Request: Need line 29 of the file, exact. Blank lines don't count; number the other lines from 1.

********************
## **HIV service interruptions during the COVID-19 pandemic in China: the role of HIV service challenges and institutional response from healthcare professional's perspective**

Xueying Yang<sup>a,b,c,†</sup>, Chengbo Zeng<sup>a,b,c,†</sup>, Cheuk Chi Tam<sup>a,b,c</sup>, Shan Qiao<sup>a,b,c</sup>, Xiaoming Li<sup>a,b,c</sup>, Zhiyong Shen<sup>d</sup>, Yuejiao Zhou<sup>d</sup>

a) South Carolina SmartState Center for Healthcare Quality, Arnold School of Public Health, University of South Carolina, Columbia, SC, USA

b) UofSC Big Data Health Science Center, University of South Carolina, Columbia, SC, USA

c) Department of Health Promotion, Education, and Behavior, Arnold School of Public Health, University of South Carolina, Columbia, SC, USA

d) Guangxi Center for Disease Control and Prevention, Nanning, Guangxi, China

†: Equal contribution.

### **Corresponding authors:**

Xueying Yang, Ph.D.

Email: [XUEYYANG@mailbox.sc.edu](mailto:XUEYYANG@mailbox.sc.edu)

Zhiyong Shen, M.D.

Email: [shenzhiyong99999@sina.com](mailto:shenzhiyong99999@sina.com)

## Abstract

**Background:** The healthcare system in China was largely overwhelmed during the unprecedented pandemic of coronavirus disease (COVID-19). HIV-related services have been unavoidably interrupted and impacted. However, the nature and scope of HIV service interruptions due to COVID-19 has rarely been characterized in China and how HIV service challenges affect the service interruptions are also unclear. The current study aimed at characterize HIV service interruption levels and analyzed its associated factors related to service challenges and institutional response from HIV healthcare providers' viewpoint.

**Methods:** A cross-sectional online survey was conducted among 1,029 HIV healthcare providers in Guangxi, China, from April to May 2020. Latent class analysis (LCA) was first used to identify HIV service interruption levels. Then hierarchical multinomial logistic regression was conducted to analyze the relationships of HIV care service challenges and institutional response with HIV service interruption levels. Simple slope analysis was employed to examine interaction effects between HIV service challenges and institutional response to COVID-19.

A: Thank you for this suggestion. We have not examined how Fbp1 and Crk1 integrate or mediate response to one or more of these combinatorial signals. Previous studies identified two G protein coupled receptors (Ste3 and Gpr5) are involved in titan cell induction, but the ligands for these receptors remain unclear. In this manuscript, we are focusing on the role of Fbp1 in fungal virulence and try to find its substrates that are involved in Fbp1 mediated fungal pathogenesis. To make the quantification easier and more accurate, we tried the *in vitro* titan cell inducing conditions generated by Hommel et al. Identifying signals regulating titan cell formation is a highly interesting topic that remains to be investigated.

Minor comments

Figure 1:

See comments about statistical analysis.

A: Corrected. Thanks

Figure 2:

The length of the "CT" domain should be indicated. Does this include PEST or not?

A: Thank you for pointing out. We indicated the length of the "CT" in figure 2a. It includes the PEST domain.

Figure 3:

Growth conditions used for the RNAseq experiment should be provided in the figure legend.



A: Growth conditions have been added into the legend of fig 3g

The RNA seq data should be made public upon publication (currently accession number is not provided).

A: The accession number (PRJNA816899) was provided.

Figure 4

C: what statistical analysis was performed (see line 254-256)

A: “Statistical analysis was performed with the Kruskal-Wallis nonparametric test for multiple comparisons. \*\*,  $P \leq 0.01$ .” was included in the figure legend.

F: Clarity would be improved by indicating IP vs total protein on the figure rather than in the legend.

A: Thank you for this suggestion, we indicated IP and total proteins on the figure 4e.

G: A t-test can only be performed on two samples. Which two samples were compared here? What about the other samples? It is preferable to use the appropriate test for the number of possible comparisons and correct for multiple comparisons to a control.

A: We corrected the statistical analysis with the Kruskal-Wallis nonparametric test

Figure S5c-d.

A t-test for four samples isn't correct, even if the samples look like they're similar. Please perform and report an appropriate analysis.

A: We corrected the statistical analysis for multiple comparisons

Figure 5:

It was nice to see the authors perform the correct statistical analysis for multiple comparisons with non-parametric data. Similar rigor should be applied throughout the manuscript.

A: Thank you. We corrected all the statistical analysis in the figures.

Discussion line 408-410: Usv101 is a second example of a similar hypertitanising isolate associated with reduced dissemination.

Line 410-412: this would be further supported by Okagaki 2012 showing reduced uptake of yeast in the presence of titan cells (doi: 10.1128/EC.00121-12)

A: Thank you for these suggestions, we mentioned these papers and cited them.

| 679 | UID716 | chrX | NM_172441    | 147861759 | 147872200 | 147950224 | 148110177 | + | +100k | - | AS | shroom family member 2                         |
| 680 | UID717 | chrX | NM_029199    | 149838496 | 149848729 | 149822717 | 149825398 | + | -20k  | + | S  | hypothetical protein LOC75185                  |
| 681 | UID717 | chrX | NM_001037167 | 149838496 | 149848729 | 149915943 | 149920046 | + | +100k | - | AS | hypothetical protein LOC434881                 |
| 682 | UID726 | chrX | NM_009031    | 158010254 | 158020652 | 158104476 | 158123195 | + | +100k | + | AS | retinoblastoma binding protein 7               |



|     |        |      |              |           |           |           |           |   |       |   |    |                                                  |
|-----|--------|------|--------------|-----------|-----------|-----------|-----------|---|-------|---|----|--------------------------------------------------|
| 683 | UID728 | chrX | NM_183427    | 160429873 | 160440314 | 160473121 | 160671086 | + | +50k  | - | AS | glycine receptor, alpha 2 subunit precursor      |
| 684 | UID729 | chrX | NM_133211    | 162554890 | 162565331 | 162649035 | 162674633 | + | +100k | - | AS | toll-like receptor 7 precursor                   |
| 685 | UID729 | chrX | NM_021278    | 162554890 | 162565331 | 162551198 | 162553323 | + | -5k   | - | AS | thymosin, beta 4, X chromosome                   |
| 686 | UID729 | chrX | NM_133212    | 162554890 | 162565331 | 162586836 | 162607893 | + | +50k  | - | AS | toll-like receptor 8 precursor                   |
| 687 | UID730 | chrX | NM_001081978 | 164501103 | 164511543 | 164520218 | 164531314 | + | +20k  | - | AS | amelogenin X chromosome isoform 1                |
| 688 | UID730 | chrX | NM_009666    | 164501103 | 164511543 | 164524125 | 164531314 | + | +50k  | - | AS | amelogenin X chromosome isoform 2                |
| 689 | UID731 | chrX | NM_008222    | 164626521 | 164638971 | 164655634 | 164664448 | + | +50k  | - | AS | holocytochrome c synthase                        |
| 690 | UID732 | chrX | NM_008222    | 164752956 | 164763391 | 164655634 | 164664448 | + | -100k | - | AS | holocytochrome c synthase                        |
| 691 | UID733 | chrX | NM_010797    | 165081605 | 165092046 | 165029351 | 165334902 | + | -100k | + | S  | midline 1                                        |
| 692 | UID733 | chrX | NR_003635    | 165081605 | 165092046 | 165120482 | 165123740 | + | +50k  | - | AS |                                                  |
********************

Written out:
Figure 4